Over coffee, I am re-reading portions of Ayn Rand’s Fountainhead, a book I’ve read twice in its entirety, and still go back to read highlighted and underlined texts as well as my marginal scribblings. In the passage above, our hero/architect/individualist Howard Roark is sounding off about his disdain for “second-handers”. I have other words for those kinds of folks, but I’ll keep those in my pocket.

I didn’t meditate and journal over the passage this morning for the purpose of ranting over the wasted energy of second-handers. Rather, I pointed the passage into my own heart, hoping to improve my life in areas that continue to lag. I’ve never felt like a second-hander. I’ve always tried to carve out my own niche, and usually know what I need to do. I’m always revising my priorities, and now believe I have three main areas that need consistency if I am going to develop as an artist rather than push out the same old products for the market.

My number one priority is unchanged, and I remain consistent in it: study, reflection and writing. I do this religiously every morning without fail. My years as a graduate student made me an addict for research and writing. So I never have to make myself open a book and journal, and set to work in the study. Usually I have this going over coffee seven mornings a week.

But priority number two is moderate, and number three is on life-support. Number two is consistency–making art DAILY. I just don’t do that as I could/should. I have the most beautiful Studio Eidolons in my home, more lovely than any studio I have ever occupied. There is no excuse that I’m not in there every single day (even if for the space of thirty minutes) to engage in making art. It just doesn’t happen. And I have no excuse. I’m fully retired, and I really do not have a demanding daily schedule, so I could and should enter that studio every single day and work on something, even if for a short time. Consistency matters. Because if I miss one day, next thing you know, a week has passed with no new work in progress. I am without excuse. I cannot use the Thursday-through-Saturday gallery schedule as an excuse either. A dear friend gave me a drafting table to keep in the gallery. And there is wonderful light that floods the space daily. So, The Gallery at Redlands is also a studio for me. No excuses. Every day, my dwelling includes a studio. And so, priority number two now has my attention.

And then, priority number three (and this is an embarrassment): sketching. I have a stack of partially used sketchbooks for drawing as well as watercolor. For years I’ve told myself that a “real” artist (vs. the second-hander) sketches every single day. The sketchbook should be carried everywhere I go (the journal does, but not the sketchbook). And I find myself going weeks, months, without one single, paltry sketch. It is in this area that I feel the ultimate embarrassment and hypocrisy. I am frequently asked by enthusiastic emerging artists: “What do I need to do to improve my work, to become more marketable?” And the first thing that enters my mind is the sketchbook, but it stays in my mind, never passes my lips, because I myself don’t do it, and I keep telling myself I believe in it. I wonder if I should make the sketchbook my NUMBER ONE priority? Hmmmm. Maybe that’s what it’s going to take.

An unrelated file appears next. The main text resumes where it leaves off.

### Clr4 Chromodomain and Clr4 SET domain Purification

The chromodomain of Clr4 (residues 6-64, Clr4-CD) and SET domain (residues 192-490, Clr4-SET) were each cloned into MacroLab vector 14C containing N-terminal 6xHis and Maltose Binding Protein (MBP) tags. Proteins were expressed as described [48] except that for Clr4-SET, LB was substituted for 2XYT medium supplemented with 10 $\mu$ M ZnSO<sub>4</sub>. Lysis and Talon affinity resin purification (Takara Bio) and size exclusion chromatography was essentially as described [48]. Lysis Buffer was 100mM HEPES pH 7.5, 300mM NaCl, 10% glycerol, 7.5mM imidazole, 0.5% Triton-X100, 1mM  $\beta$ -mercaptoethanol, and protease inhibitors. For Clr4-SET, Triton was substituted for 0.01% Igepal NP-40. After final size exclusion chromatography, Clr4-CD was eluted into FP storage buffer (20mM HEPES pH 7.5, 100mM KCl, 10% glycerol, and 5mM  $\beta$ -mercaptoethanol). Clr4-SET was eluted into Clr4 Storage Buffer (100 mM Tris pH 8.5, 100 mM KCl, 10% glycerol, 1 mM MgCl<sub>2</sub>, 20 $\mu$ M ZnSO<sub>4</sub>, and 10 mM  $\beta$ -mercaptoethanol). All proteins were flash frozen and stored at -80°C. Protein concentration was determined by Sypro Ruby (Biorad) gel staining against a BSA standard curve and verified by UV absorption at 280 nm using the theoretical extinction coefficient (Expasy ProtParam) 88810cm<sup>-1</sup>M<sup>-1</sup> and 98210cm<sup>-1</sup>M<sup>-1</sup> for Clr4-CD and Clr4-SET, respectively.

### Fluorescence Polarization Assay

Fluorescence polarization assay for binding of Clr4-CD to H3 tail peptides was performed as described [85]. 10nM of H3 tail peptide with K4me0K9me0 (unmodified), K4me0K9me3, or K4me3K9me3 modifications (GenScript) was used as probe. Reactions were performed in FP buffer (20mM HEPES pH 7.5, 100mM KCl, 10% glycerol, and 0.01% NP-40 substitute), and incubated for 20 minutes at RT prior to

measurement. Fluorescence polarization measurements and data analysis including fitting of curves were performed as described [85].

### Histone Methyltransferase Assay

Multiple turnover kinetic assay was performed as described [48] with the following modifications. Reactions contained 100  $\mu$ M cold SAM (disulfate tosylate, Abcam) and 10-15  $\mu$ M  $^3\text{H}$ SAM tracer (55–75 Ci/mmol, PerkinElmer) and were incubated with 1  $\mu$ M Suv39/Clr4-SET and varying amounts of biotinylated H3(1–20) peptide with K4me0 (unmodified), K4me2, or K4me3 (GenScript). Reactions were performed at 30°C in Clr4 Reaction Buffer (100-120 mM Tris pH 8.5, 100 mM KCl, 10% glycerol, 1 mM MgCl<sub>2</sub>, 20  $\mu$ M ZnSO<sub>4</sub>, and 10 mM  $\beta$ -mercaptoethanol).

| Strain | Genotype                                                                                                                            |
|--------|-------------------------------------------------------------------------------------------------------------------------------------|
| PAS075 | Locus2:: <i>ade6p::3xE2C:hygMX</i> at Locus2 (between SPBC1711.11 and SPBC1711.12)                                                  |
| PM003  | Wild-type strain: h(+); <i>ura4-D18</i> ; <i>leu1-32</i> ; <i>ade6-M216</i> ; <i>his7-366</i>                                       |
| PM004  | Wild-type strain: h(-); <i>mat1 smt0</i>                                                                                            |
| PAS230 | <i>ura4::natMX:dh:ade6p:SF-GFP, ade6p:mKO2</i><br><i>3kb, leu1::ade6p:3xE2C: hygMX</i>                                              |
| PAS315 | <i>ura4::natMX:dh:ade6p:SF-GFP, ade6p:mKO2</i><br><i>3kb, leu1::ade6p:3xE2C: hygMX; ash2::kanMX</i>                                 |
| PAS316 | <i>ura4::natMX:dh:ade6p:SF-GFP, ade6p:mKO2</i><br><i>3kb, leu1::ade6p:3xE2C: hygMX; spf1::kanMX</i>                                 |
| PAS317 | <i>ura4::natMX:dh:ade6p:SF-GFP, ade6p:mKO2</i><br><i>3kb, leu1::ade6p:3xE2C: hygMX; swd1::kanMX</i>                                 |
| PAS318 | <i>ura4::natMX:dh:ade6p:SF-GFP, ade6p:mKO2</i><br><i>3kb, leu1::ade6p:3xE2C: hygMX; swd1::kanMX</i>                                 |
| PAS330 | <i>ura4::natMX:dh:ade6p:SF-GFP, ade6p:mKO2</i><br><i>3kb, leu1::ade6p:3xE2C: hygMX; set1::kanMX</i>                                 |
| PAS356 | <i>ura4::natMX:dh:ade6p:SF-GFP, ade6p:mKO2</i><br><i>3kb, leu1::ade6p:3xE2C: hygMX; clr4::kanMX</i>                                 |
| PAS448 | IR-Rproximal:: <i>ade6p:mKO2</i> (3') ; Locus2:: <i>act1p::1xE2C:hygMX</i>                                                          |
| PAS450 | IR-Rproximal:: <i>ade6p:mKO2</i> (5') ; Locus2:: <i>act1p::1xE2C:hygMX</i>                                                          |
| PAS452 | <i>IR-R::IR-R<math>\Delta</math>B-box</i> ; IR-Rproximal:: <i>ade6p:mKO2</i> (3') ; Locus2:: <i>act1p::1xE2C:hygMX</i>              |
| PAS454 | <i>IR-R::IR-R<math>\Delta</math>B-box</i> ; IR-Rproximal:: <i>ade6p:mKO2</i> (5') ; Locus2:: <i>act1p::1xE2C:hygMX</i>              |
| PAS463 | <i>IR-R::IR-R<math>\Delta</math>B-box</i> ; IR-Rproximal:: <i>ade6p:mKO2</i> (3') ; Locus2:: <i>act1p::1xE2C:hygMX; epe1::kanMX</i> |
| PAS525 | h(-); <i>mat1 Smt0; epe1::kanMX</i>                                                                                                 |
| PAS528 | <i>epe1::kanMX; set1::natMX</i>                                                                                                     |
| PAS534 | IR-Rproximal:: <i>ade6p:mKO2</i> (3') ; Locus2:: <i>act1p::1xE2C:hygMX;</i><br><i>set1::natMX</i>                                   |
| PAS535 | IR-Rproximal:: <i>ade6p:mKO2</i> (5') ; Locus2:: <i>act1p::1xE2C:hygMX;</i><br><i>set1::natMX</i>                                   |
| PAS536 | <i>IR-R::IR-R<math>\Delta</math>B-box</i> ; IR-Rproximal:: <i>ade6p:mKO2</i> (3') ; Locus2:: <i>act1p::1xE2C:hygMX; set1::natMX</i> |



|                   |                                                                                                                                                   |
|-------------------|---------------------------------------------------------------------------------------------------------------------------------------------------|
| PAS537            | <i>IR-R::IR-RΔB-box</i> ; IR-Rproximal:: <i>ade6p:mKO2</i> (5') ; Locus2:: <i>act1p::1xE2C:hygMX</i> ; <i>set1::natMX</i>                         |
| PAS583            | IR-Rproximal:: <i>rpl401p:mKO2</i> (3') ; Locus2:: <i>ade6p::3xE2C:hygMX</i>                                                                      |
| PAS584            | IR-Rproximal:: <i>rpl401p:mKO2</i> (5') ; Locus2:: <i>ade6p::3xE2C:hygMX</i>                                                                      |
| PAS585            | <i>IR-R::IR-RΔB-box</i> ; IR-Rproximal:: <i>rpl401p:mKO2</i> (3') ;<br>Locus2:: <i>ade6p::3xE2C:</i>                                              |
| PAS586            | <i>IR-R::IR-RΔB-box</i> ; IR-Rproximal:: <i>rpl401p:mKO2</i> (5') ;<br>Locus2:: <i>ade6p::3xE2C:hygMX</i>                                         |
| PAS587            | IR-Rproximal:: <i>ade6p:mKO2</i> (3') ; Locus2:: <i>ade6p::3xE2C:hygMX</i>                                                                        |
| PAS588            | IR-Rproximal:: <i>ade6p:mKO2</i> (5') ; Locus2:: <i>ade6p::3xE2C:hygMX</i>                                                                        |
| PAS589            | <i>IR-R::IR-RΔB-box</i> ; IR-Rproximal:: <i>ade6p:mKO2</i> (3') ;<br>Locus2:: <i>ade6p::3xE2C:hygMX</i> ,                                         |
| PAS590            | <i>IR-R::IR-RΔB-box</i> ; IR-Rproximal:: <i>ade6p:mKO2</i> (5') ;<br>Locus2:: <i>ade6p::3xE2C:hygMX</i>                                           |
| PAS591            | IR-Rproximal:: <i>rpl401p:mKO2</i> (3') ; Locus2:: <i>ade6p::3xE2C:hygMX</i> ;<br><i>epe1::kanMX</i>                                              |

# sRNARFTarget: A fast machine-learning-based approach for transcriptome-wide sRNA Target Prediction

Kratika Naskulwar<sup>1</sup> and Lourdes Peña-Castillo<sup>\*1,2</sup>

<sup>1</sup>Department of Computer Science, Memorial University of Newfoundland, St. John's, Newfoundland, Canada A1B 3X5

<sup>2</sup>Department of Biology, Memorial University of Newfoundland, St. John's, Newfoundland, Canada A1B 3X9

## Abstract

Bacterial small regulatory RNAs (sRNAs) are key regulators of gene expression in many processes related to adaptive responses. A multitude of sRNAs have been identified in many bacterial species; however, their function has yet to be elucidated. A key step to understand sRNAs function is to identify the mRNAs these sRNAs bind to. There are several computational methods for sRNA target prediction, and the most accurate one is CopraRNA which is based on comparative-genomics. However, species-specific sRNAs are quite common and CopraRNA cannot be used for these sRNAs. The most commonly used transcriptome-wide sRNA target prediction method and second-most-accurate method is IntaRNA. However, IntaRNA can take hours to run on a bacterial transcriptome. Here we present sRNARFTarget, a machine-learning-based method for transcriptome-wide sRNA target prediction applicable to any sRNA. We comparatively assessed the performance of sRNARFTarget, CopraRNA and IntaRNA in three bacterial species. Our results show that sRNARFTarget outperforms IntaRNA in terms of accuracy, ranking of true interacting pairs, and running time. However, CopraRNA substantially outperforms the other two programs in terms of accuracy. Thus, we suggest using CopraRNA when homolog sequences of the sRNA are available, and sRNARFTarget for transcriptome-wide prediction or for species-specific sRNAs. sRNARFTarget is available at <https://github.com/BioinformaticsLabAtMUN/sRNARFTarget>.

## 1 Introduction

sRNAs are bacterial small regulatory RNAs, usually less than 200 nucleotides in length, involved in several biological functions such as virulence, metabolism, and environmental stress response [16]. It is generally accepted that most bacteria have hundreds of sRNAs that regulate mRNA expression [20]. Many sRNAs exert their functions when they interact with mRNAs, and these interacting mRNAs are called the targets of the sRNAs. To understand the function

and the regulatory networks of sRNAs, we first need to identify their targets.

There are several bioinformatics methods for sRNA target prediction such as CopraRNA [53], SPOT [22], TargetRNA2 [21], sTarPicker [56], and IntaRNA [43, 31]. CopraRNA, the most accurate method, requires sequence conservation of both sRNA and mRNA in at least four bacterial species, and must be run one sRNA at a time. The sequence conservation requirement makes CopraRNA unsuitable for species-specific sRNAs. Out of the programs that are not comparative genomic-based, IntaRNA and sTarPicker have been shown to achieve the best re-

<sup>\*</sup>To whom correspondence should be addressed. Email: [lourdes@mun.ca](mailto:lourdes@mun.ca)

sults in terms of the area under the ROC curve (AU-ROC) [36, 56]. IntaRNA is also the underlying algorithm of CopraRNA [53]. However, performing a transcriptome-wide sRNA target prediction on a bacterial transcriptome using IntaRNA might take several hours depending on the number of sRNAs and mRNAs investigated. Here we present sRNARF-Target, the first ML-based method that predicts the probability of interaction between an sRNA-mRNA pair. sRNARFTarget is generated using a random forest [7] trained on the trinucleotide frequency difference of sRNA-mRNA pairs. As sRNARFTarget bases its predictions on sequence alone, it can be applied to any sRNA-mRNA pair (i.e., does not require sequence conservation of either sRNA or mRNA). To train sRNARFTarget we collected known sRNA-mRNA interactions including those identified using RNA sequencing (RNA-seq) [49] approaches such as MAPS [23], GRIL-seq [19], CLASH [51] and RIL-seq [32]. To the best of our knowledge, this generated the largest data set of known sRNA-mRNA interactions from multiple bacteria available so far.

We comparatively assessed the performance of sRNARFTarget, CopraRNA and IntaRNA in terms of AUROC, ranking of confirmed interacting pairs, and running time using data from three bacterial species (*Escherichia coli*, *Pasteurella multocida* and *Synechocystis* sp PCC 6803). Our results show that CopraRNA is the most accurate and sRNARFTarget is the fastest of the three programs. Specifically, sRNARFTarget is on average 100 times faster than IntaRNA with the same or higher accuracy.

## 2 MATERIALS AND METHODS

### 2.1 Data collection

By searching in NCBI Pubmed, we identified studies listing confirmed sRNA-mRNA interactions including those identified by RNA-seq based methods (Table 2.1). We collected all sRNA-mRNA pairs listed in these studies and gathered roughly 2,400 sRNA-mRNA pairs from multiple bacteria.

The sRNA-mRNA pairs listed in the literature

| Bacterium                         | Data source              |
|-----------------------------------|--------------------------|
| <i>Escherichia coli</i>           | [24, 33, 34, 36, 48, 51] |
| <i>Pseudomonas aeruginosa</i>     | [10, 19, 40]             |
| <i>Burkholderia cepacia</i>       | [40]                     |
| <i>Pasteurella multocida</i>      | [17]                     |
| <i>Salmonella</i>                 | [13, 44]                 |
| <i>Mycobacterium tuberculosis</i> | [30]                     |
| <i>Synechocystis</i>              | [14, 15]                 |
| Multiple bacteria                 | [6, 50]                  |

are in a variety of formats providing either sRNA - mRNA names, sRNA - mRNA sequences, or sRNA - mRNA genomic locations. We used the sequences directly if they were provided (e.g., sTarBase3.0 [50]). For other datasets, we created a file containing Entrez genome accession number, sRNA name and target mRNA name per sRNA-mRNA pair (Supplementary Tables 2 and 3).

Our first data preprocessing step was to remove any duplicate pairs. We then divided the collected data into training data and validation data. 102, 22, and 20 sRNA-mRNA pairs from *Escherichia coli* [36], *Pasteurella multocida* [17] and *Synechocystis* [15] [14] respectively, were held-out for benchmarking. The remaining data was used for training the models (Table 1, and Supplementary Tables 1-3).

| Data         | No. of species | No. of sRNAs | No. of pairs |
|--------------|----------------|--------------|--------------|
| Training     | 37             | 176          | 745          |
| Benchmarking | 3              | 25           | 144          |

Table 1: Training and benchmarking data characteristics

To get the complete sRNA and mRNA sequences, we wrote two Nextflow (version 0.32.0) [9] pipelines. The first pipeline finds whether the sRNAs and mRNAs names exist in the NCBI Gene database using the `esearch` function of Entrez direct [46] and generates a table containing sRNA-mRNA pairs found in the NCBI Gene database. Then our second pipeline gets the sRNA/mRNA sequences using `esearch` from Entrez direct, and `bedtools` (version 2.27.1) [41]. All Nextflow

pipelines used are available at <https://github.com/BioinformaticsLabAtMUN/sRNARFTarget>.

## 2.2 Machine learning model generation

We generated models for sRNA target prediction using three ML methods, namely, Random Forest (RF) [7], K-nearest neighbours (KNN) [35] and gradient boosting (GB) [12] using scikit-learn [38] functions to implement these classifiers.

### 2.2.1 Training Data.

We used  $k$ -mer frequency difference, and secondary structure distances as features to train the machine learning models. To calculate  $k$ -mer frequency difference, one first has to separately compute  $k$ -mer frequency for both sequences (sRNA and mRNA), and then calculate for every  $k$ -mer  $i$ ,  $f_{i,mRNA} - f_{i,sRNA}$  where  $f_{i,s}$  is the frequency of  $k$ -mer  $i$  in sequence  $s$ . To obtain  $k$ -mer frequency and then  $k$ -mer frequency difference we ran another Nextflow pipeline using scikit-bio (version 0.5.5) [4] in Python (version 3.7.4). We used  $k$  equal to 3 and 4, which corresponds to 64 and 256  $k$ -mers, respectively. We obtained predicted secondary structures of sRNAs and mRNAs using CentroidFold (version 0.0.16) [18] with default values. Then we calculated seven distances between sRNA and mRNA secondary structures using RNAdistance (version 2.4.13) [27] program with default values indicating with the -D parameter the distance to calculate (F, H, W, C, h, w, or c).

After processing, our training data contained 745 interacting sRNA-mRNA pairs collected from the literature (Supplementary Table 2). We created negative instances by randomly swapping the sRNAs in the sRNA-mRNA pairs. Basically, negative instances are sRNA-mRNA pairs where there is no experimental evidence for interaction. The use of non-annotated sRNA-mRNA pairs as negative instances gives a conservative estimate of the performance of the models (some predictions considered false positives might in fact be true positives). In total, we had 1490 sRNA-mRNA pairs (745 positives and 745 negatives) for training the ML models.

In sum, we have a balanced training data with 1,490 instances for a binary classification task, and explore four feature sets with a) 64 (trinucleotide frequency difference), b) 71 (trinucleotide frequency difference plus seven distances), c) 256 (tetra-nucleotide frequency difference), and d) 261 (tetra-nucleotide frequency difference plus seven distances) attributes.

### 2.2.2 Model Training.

OK, let’s put all the cards on the table: I’m writing today’s blog because two days ago a flash of inspiration jolted me and I scribbled it out in my journal to pursue this new idea. And now I am finally stopped long enough to blog it and meditate on it. The idea is reform, revival, renewal. I decided two days ago that I was going to up my game in the areas of blogging, sketching, and daily creation. So now I go public in this blog, no longer keeping it a secret. I intend to blog more consistently and thoughtfully, sketch every single day, and enter the studio to make art daily. And I’ve decided now that the priorities will be 1) sketching, 2) research & writing, and 3) daily creation in the studio.

Time to go to work on these matters. Thanks for reading.

I make art in order to discover.

I journal when I feel alone.

I blog to remind myself I am not alone.

Gallery at Redlands Welcomes Photographer Dave Shultz

August 27, 2022
I Egret Nothing. 24(h) x 16(w)” Aluminum Print. $150
Big Boy 14(h) x 20(w) Aluminum Print $150

I have a vision of life, and I try to find equivalents for it in the form of photographs.

Alfred Stieglitz

Dave Shultz has been my friend since I arrived on the Palestine scene. An avid photographer, Dave has freelanced all over the world with his photography and film production. He has photographed all my work for publication and distribution, designed our websites, and solved a myriad of tech issues (I’m still quite clumsy in that realm). We’re thrilled that he has made his home in Palestine, and is known all over town because photography is his life. No one is surprised to see him out on the streets before sunrise or after sunset, photographing the town’s iconic buildings or the nature surrounding. Like Stieglitz, Dave is married to his art.